Farmers across the UK risk leaving their children with ‘crippling’ tax bills after they die, one of the county’s leading rural lawyers has warned.
Helen Gough, an associate at Worcestershire law firm mfg Solicitors, says complex rules for inheriting agricultural land and buildings will see the Inland Revenue take more than it otherwise would need to, unless farmers plan ahead.
Ms Gough, part of mfg’s award-winning Agricultural and Rural Affairs division, has urged farmers to consider their succession planning and whether their current business arrangements are suitable for the long-term interests of their family as well as being as tax efficient as possible.
“It is no exaggeration to say hundreds of thousands of pounds can be saved if planning is done early enough, and there is no price tag that can be attached to the peace of mind that such planning can bring.” she said.
“Without that careful tax and succession planning, there is a very real risk that those inheriting farms and agricultural property will not only be left with a crippling tax bill but they may also have to face a dispute over who is entitled to what.”
Ms Gough, a regular spokesperson on rural issues, said farmers must work with their children to establish what each member of the family actually wants and what they are working towards, as well as the future of the farming business. She said this ‘creates certainty’ and strengthens the next generation’s commitment, avoiding heartbreak and litigation after parents have died.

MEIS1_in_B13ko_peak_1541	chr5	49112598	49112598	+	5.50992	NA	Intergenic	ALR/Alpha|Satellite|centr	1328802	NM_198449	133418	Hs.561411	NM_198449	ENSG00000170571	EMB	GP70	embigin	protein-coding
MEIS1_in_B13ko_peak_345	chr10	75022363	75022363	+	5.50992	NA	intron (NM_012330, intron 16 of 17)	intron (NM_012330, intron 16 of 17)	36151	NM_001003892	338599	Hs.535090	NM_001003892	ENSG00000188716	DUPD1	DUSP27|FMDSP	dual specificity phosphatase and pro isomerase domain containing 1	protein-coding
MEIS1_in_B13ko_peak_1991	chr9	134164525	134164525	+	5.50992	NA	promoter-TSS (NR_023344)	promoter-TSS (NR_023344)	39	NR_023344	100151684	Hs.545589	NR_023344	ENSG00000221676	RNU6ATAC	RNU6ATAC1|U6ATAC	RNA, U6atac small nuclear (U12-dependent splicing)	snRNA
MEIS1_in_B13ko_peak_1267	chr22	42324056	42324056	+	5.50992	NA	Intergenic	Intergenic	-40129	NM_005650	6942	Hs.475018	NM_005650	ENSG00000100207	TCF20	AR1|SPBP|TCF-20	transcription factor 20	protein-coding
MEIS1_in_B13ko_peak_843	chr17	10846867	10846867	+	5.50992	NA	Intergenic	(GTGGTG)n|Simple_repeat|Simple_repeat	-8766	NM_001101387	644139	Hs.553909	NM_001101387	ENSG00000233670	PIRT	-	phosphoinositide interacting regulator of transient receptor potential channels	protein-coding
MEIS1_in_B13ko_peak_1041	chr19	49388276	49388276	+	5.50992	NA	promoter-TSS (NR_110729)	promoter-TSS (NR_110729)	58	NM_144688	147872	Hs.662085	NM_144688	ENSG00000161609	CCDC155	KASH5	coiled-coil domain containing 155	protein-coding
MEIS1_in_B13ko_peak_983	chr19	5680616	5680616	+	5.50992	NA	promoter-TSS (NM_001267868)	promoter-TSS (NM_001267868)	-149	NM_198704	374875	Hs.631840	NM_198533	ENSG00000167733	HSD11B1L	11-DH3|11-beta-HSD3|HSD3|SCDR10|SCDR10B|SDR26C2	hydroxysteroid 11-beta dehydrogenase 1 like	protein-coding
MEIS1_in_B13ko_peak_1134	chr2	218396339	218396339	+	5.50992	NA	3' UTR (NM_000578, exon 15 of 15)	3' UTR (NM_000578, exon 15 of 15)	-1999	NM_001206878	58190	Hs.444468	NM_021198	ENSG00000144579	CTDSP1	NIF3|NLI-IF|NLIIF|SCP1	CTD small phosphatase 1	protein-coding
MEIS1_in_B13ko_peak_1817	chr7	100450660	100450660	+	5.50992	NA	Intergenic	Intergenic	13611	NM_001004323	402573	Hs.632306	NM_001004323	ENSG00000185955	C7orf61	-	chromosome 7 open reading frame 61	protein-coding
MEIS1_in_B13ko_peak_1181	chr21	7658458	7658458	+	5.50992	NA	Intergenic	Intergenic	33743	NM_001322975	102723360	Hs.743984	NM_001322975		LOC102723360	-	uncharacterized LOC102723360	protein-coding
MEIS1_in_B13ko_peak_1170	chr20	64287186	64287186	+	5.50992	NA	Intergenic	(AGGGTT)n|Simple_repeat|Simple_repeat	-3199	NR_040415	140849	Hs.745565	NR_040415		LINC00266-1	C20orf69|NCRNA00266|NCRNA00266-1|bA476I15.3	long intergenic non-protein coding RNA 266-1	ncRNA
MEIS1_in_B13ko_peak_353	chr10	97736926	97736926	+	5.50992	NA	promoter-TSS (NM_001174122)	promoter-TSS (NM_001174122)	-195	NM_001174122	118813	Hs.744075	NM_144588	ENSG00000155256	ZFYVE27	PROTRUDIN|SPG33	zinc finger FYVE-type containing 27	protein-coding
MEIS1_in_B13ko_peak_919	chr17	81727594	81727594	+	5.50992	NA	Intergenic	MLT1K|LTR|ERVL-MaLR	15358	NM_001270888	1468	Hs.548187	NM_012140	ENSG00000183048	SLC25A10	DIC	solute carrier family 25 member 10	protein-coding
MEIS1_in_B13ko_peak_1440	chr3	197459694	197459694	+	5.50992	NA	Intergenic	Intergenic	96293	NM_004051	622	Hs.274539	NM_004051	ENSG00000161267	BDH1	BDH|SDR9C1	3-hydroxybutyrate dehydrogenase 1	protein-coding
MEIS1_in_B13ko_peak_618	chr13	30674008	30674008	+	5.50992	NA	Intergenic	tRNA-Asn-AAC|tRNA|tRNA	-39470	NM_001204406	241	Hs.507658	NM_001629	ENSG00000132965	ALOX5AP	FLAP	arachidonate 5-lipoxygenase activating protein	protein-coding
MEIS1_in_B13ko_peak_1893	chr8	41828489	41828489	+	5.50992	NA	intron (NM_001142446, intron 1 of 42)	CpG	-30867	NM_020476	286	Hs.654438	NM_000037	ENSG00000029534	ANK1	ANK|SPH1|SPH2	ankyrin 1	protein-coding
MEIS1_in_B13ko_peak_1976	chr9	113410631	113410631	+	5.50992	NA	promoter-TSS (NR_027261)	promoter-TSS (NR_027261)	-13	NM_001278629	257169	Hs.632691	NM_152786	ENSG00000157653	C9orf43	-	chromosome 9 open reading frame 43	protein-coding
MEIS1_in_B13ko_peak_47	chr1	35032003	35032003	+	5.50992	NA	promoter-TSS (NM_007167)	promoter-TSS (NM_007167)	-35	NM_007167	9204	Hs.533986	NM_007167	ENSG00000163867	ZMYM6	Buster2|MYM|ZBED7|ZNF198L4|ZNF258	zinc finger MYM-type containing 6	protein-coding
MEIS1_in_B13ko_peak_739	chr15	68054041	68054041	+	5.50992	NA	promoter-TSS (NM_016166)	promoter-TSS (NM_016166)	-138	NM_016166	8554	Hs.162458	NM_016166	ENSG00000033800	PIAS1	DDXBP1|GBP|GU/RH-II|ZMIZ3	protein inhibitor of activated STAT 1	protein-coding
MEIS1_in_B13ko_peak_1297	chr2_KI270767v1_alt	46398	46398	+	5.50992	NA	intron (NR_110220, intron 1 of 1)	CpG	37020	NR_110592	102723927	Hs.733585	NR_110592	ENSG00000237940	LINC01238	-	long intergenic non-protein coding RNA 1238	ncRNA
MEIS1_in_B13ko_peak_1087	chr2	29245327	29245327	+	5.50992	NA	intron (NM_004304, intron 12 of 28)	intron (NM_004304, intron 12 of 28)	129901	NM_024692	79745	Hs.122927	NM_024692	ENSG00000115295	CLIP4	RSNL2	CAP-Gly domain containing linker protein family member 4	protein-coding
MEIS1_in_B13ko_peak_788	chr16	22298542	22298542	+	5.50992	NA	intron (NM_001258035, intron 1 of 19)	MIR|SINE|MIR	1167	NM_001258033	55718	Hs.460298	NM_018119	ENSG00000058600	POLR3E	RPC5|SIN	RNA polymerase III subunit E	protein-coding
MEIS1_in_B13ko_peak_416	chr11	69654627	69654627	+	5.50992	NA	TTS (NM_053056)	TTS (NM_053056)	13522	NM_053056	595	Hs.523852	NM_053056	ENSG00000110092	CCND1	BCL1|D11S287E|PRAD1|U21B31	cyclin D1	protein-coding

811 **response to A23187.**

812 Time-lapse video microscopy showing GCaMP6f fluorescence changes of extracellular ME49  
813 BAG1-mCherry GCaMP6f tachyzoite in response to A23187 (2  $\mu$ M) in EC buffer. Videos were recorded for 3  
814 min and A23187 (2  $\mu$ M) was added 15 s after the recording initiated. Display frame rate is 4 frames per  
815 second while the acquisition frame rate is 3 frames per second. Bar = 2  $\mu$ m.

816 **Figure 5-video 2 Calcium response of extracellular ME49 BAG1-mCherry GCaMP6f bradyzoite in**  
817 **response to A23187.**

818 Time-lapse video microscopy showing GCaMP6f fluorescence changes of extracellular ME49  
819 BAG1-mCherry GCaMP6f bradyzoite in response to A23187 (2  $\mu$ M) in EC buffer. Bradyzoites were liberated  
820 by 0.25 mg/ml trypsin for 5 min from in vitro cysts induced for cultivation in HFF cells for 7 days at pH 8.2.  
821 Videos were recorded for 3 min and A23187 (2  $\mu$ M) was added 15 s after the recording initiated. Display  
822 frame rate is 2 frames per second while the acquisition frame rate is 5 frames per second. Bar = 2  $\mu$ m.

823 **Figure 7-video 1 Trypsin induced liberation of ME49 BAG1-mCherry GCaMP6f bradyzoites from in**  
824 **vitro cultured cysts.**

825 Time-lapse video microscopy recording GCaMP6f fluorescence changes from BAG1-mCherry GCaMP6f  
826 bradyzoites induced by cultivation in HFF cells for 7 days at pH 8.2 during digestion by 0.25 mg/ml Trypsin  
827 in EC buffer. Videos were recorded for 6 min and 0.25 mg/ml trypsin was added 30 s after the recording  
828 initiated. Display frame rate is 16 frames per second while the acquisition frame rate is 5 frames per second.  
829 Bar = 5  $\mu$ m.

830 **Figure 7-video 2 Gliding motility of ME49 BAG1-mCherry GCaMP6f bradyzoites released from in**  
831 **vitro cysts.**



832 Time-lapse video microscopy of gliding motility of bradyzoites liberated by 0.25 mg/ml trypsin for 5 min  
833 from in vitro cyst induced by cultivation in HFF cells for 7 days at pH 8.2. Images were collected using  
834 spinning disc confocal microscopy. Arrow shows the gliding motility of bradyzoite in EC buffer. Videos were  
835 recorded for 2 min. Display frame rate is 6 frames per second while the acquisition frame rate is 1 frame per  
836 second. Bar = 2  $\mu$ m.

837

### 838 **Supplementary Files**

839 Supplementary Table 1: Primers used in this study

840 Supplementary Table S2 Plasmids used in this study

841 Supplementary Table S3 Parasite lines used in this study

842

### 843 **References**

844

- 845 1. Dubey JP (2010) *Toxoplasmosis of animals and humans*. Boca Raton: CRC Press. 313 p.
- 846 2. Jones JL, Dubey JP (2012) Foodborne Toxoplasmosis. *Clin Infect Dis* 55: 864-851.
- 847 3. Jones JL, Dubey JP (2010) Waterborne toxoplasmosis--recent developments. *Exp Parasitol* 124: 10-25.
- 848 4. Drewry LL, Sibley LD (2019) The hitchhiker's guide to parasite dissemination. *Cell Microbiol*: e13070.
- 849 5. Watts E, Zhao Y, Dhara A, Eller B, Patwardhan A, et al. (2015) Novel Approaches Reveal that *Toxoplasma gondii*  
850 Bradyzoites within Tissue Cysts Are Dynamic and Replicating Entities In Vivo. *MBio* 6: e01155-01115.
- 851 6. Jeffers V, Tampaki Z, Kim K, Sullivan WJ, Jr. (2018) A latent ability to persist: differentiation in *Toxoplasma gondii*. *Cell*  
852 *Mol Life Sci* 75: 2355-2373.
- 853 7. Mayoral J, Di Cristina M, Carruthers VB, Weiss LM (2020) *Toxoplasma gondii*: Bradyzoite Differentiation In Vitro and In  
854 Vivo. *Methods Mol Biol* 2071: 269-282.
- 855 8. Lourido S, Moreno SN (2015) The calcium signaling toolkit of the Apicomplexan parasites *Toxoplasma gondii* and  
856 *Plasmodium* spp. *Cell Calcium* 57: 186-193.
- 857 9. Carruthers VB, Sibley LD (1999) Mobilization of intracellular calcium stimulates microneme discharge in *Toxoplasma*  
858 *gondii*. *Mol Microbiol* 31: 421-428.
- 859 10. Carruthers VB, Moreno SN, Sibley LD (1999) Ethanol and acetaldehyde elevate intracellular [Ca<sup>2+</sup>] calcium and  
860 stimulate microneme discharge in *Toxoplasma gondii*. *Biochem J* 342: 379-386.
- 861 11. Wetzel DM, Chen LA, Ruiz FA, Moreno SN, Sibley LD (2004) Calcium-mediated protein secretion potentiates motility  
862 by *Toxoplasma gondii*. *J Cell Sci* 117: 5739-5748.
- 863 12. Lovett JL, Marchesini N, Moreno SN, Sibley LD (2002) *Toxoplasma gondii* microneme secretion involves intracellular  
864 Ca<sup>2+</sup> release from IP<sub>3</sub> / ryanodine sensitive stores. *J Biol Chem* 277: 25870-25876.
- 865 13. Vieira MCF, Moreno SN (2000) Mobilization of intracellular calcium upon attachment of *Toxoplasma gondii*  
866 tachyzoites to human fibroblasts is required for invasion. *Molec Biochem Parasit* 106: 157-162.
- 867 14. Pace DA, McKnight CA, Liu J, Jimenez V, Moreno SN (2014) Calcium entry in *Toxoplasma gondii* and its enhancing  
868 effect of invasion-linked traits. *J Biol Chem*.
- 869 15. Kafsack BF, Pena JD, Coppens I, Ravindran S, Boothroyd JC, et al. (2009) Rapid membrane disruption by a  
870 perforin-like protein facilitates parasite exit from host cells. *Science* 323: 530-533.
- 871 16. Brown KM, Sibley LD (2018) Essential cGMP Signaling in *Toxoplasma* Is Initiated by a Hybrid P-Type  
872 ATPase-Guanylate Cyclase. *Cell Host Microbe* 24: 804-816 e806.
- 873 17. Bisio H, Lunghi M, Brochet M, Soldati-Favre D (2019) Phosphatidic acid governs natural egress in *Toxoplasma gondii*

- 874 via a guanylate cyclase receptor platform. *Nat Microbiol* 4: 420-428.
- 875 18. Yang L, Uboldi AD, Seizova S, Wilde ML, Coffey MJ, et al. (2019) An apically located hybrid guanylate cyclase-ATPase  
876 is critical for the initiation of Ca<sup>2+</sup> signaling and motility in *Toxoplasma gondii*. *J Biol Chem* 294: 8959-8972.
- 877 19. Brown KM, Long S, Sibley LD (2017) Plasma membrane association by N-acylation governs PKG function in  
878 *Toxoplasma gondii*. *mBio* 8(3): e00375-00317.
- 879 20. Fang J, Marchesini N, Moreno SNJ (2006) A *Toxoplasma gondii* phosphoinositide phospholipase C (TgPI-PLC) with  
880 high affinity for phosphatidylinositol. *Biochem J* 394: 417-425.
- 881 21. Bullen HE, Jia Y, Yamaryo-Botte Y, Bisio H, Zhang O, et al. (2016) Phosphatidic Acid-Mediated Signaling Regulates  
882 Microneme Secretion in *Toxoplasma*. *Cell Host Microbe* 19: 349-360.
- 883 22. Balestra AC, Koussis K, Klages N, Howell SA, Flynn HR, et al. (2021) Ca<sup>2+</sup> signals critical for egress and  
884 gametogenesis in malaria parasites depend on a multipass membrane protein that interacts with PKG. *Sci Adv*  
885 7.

She added: “If things go wrong, then as well as the tax bill the farm may have to be split up and sold off, while families are broken apart by dispute and legal costs.
“Effective planning is not hugely expensive and it ensures that everyone knows where they stand. Some people still think it isn’t a good topic to talk about, much in the same way as a pre-nuptial agreement before a marriage, but it is about fairness, protecting assets in the long-term and once the plan is in place, everyone can get on with their lives and concentrate on running a successful business.
“You cannot start planning too early.”
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